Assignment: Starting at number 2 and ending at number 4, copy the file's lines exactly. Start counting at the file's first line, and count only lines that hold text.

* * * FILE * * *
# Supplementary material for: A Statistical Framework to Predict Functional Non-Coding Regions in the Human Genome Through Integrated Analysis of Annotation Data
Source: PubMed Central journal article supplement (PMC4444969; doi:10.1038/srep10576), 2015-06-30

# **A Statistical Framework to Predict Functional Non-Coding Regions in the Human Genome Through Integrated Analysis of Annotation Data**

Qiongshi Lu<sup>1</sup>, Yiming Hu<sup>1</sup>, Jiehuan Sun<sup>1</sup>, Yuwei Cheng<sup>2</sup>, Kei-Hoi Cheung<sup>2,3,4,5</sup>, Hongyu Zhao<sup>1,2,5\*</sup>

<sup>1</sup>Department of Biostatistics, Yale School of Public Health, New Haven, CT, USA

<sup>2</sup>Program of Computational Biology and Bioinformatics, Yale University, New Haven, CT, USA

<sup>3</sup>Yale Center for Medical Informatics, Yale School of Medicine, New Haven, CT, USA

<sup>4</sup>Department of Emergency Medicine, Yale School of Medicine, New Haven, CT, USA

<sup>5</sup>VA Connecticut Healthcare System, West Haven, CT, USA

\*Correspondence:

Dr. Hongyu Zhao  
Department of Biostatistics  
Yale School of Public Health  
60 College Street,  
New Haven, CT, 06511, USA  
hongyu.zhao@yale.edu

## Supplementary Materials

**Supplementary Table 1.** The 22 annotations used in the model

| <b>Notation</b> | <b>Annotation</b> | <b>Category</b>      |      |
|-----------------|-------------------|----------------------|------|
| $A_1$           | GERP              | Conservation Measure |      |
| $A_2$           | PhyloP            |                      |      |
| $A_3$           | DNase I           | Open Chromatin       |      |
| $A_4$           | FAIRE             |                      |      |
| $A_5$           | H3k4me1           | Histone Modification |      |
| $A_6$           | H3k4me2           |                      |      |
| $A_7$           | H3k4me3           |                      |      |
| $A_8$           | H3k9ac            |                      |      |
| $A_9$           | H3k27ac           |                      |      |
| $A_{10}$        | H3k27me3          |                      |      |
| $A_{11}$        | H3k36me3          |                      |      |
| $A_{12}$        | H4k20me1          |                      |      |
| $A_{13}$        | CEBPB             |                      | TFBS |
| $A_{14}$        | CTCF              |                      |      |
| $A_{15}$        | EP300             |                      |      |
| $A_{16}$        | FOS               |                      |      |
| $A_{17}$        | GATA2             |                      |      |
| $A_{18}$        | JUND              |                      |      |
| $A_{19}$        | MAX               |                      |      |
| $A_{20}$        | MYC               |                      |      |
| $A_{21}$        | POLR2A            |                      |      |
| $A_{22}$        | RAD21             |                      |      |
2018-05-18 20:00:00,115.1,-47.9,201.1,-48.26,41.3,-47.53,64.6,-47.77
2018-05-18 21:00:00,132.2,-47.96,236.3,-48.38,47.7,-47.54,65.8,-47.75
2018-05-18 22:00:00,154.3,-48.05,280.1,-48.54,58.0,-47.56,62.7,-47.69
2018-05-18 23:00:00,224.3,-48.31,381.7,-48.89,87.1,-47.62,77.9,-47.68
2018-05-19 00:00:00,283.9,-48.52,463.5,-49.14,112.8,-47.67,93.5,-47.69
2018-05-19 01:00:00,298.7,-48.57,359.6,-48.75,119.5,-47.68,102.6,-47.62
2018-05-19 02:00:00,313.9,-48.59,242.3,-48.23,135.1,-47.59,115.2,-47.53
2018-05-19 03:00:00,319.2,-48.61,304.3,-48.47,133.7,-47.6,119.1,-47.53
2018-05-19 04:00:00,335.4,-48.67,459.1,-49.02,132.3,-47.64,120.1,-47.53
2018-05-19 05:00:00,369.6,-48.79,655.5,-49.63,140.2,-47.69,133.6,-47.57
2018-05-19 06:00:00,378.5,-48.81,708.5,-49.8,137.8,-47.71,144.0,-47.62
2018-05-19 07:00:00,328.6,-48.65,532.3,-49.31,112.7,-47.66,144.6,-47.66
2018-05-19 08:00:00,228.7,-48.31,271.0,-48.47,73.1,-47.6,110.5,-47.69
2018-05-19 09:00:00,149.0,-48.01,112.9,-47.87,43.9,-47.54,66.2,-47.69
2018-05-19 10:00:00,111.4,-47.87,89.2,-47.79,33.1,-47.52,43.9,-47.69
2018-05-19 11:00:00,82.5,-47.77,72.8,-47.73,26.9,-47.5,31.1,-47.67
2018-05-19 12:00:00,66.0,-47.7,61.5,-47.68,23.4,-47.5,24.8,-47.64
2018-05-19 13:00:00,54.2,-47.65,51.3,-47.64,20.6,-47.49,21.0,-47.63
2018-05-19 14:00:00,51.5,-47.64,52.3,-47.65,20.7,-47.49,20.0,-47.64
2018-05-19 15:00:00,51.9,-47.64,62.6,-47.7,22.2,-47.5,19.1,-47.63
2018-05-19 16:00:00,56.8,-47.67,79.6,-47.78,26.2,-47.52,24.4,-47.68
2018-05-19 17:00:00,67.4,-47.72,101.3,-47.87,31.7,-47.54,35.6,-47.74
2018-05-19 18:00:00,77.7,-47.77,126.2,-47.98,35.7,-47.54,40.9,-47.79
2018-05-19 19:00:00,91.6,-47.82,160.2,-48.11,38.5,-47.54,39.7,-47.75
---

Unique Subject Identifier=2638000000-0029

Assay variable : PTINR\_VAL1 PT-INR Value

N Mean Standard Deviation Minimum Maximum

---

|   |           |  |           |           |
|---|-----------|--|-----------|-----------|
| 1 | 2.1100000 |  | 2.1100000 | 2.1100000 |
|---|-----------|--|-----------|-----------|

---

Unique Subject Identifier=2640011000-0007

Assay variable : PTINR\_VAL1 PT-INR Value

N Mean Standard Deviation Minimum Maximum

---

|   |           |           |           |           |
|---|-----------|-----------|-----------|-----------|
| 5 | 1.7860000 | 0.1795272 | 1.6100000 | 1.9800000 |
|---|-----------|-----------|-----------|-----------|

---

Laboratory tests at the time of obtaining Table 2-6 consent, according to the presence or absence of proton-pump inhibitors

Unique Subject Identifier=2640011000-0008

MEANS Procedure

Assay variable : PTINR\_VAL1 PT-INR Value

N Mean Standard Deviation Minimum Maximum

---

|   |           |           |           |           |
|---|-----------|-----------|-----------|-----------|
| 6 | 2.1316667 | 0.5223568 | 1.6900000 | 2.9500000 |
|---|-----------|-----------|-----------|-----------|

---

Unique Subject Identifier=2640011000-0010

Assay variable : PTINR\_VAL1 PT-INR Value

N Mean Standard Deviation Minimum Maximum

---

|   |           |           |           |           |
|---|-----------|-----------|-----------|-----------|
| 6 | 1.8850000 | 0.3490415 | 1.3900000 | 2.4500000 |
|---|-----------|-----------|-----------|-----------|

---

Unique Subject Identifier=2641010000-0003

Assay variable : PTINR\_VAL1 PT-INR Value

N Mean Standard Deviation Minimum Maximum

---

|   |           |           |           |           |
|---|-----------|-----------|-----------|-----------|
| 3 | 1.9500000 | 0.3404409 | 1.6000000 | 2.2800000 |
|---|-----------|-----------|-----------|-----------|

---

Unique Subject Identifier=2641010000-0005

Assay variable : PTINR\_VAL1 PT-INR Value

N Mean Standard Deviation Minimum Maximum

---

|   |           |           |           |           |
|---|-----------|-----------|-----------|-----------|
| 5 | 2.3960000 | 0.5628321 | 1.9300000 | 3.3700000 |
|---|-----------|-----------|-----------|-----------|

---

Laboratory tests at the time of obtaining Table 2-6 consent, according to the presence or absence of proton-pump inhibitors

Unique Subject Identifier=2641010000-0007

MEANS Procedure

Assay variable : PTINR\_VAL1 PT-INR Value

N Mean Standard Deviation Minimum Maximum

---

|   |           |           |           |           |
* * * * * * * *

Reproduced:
Source: PubMed Central journal article supplement (PMC4444969; doi:10.1038/srep10576), 2015-06-30

# **A Statistical Framework to Predict Functional Non-Coding Regions in the Human Genome Through Integrated Analysis of Annotation Data**

Qiongshi Lu<sup>1</sup>, Yiming Hu<sup>1</sup>, Jiehuan Sun<sup>1</sup>, Yuwei Cheng<sup>2</sup>, Kei-Hoi Cheung<sup>2,3,4,5</sup>, Hongyu Zhao<sup>1,2,5\*</sup>